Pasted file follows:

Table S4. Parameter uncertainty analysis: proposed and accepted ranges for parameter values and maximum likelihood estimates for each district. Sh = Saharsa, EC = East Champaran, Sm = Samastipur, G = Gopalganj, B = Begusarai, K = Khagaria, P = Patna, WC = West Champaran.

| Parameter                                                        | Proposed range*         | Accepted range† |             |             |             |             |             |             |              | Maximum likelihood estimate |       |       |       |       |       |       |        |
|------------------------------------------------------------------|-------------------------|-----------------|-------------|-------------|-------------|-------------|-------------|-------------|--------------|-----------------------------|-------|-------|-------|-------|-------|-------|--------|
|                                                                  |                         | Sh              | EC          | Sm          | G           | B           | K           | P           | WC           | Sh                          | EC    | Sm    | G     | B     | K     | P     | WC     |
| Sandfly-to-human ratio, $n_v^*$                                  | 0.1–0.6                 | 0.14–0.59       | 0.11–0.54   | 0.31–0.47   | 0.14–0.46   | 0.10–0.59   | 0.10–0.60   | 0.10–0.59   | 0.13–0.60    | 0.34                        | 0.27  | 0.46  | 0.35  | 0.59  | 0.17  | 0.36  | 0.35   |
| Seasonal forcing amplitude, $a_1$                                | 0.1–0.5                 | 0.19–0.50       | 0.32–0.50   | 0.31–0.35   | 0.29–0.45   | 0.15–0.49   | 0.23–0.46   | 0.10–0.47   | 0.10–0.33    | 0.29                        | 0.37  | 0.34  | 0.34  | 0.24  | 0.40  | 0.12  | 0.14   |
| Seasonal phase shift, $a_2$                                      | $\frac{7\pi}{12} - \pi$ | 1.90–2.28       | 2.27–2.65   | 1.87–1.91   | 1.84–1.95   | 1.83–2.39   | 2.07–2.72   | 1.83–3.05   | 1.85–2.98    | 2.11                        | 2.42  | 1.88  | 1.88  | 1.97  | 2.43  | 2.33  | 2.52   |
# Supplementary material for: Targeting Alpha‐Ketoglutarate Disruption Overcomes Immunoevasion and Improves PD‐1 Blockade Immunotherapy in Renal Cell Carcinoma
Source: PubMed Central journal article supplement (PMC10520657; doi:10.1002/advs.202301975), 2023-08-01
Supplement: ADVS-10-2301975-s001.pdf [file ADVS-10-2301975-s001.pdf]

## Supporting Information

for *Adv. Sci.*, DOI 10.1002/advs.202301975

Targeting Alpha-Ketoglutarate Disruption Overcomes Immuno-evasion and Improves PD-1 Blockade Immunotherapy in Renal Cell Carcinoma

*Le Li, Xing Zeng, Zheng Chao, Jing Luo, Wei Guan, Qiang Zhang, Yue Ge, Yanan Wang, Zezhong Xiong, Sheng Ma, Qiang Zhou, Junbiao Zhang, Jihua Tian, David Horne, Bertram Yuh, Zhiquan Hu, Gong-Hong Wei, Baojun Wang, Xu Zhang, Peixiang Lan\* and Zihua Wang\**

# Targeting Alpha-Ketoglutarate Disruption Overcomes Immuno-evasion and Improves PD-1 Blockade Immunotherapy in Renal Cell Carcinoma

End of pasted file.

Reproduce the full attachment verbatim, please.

Table S4. Parameter uncertainty analysis: proposed and accepted ranges for parameter values and maximum likelihood estimates for each district. Sh = Saharsa, EC = East Champaran, Sm = Samastipur, G = Gopalganj, B = Begusarai, K = Khagaria, P = Patna, WC = West Champaran.

| Parameter                                                        | Proposed range*         | Accepted range† |             |             |             |             |             |             |              | Maximum likelihood estimate |       |       |       |       |       |       |        |
|------------------------------------------------------------------|-------------------------|-----------------|-------------|-------------|-------------|-------------|-------------|-------------|--------------|-----------------------------|-------|-------|-------|-------|-------|-------|--------|
|                                                                  |                         | Sh              | EC          | Sm          | G           | B           | K           | P           | WC           | Sh                          | EC    | Sm    | G     | B     | K     | P     | WC     |
| Sandfly-to-human ratio, $n_v^*$                                  | 0.1–0.6                 | 0.14–0.59       | 0.11–0.54   | 0.31–0.47   | 0.14–0.46   | 0.10–0.59   | 0.10–0.60   | 0.10–0.59   | 0.13–0.60    | 0.34                        | 0.27  | 0.46  | 0.35  | 0.59  | 0.17  | 0.36  | 0.35   |
| Seasonal forcing amplitude, $a_1$                                | 0.1–0.5                 | 0.19–0.50       | 0.32–0.50   | 0.31–0.35   | 0.29–0.45   | 0.15–0.49   | 0.23–0.46   | 0.10–0.47   | 0.10–0.33    | 0.29                        | 0.37  | 0.34  | 0.34  | 0.24  | 0.40  | 0.12  | 0.14   |
| Seasonal phase shift, $a_2$                                      | $\frac{7\pi}{12} - \pi$ | 1.90–2.28       | 2.27–2.65   | 1.87–1.91   | 1.84–1.95   | 1.83–2.39   | 2.07–2.72   | 1.83–3.05   | 1.85–2.98    | 2.11                        | 2.42  | 1.88  | 1.88  | 1.97  | 2.43  | 2.33  | 2.52   |
# Supplementary material for: Targeting Alpha‐Ketoglutarate Disruption Overcomes Immunoevasion and Improves PD‐1 Blockade Immunotherapy in Renal Cell Carcinoma
Source: PubMed Central journal article supplement (PMC10520657; doi:10.1002/advs.202301975), 2023-08-01
Supplement: ADVS-10-2301975-s001.pdf [file ADVS-10-2301975-s001.pdf]

## Supporting Information

for *Adv. Sci.*, DOI 10.1002/advs.202301975

Targeting Alpha-Ketoglutarate Disruption Overcomes Immuno-evasion and Improves PD-1 Blockade Immunotherapy in Renal Cell Carcinoma

*Le Li, Xing Zeng, Zheng Chao, Jing Luo, Wei Guan, Qiang Zhang, Yue Ge, Yanan Wang, Zezhong Xiong, Sheng Ma, Qiang Zhou, Junbiao Zhang, Jihua Tian, David Horne, Bertram Yuh, Zhiquan Hu, Gong-Hong Wei, Baojun Wang, Xu Zhang, Peixiang Lan\* and Zihua Wang\**

# Targeting Alpha-Ketoglutarate Disruption Overcomes Immuno-evasion and Improves PD-1 Blockade Immunotherapy in Renal Cell Carcinoma